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The Man Who Invented Christmas

Tuesday, November 21, 2017 @ 9:53 AM
The Man Who Invented Christmas Rebecca Davis Assistant Editor of The Stand MORE

My family likes movies. We enjoy watching them together. In fact, every Friday night in the Davis household we deem “movie night,” complete with popcorn and M&M’s. (Now when it comes to finding an appropriate family-friendly film, that’s another story for another blog.) 

On rare occasions, when the movie is right and when the budget allows, we will take our children to the theater to see a film on the big screen. The experience itself is a treat for our seven-year-old, while our three-year-old is more enthralled with the extra-large tub of popcorn and overpriced – I mean, oversized – box of candy. 

Either way, movie time means family time for our crew. 

We, along with other families from AFA, recently had the opportunity to attend a pre-screening of The Man Who Invented Christmas, set to release in theaters nationwide this Wednesday, November 22 – just in time for the holidays. 

Derived from a popular book by the same title, The Man Who Invented Christmas tells the story of “how Charles Dickens wrote A Christmas Carol and created a tradition.” 

The movie opens with Dickens on a tour in America enjoying the success of his earlier writings. Sixteen months later, he finds himself back in London and in debt, his most recent novel a dud. Fearful of ending up in a debtor’s prison like his father, Dickens is determined to write a new book that will be loved by all and ultimately end his financial woes. But he is plagued with writer’s block, and his circumstances are not conducive to writing. 

At his wit’s end, Dickens decides to write about Christmas, even though Christmas was not a major holiday in London at the time. His publisher rejects the idea, but Dickens is determined to write and finish the book by Christmas. Unable to find anyone to give him an advance on the book, he decides to finance it himself, which only puts him in greater debt. Then out of nowhere, his estranged father shows up bringing the struggles of Dickens’ miserable childhood to mind.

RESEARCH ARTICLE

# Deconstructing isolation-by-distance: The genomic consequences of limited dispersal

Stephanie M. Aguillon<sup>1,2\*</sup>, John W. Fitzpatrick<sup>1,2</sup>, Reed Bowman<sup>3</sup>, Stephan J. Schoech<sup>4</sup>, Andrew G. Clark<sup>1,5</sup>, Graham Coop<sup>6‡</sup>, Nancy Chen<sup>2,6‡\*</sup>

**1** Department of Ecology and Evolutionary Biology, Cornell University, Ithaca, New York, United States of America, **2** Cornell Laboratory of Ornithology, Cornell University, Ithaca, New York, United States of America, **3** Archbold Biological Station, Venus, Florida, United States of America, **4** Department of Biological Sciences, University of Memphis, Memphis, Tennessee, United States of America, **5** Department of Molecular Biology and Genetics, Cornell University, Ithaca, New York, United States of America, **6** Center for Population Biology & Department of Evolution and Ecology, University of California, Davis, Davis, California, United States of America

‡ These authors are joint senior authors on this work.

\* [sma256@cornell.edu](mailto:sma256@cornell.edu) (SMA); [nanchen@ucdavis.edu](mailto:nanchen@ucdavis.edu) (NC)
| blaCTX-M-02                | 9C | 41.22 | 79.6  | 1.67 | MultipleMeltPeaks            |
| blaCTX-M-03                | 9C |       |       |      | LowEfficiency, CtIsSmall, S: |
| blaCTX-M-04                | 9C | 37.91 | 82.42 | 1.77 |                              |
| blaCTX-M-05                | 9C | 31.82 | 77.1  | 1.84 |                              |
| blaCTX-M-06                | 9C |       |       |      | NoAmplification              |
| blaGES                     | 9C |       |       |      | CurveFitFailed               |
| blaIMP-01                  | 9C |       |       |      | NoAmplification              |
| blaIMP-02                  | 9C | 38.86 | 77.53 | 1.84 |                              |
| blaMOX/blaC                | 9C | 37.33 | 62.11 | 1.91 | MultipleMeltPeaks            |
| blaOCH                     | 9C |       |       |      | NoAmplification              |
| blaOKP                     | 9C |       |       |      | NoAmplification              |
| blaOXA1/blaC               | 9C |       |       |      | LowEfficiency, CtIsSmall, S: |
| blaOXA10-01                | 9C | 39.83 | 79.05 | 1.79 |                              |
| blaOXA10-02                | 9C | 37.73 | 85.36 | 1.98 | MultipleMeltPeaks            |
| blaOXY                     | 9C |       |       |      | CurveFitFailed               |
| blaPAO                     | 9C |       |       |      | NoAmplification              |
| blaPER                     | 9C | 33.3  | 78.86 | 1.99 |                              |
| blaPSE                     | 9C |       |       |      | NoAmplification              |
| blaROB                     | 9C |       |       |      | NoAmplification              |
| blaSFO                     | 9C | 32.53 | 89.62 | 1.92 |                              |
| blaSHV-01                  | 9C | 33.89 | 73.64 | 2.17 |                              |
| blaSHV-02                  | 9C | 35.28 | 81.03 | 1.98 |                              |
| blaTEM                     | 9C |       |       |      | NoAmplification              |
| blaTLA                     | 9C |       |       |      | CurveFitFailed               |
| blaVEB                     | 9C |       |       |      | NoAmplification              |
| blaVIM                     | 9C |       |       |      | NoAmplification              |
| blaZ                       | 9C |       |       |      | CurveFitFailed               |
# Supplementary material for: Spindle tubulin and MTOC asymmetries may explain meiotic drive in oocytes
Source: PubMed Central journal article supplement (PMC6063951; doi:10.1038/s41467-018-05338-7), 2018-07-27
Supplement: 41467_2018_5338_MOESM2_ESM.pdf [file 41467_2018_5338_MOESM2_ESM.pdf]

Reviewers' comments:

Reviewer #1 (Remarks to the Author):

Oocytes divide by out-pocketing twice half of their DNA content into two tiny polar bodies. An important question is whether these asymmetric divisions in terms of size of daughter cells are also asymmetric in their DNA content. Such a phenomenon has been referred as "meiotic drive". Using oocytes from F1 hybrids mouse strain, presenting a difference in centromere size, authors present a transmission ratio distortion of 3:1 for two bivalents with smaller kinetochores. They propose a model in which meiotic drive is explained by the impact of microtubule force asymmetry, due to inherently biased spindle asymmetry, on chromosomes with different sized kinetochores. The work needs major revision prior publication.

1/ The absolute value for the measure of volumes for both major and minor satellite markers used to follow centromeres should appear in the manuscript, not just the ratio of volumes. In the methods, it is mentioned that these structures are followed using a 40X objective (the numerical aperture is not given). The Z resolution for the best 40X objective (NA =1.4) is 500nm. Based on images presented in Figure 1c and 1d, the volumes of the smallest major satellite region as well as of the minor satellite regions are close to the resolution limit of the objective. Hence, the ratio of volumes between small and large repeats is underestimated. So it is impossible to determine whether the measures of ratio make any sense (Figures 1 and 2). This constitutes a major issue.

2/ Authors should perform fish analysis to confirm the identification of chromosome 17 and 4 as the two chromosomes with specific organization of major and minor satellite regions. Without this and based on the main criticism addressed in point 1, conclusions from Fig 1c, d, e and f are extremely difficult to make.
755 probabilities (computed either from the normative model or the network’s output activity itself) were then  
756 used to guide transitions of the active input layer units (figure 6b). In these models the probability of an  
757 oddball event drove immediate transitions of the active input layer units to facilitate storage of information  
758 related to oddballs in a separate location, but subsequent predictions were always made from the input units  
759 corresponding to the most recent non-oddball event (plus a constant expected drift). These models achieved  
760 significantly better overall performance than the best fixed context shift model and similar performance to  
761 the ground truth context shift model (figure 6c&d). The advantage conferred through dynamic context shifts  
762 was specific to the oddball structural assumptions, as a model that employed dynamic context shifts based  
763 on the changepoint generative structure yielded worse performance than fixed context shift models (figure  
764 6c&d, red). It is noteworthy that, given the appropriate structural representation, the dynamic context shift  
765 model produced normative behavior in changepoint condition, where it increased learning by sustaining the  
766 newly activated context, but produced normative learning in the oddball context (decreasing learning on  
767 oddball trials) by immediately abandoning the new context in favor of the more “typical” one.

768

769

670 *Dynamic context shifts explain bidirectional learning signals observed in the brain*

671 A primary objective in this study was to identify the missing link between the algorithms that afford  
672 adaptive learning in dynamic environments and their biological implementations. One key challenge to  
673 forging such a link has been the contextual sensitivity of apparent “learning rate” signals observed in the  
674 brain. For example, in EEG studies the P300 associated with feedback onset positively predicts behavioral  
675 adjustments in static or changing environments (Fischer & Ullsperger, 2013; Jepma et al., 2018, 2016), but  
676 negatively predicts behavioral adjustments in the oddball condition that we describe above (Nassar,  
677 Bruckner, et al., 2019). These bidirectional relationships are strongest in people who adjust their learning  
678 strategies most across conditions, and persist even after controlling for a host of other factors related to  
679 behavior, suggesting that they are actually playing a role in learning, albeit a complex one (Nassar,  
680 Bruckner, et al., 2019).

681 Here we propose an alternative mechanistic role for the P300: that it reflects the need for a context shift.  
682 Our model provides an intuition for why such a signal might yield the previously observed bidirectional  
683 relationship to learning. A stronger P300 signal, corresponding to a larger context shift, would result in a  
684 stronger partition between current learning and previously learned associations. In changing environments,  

Plagued by his past, preoccupied by the present, and fretful over the future, Dickens embarks on a magical writing journey that mixes “real-life inspirations with his vivid imagination to conjure up unforgettable characters and a timeless tale, forever changing the holiday season into the celebration we know today” and in turn changing the lives of so many, including his own. 

The overall response to the film from our AFA families was a positive one. Many left saying The Man Who Invented Christmas was clever, entertaining, well done, inspirational, humorous, warm, interesting, creative, delightful, heart-warming, encouraging, and insightful. 

Others expressed their concerns that it was slow moving, hard to follow, confusing, and not for young children. 

Much like A Christmas Carol, The Man Who Invented Christmas does have dark parts to it as the ghosts of Christmases past, present, and future are introduced and as we see Dickens wrestling with personal struggles that are played out through the character of Scrooge. There is a grave scene toward the end of the film that was particularly bothersome to my seven-year-old. Other thematic elements, including scenes of children working under cruel conditions in a factory and a harsh and hateful confrontation between Dickens and his father, also make the film more suitable for older children and adults. 

The film is rated PG for thematic elements and some mild language including what AFA noted as one use of God’s name in vain, an abbreviated reference to jackass, one use of d-mn, and occasional uses of bloody. Drunkenness is also shown for laughs. 

While the film is clean compared to most that come from Hollywood and does have some redemptive elements to it including the themes of forgiveness, reconciliation, and generosity, The Man Who Invented Christmas implies that a person can change his own heart apart from Christ. Those who are believers know that to be unbiblical. Although the film is not intended to be a faith-based film nor is it expected to have a biblical perspective, it still sends a message about salvation and conversion that is wrong and misleading. 

Yet at the same time, because it is a beautiful rendering of a beloved story, it will likely become a new Christmas film enjoyed by many because it hinges on the selfless claims of Dickens himself: “No one is useless in this world who lightens the burdens of another.” 

 

 

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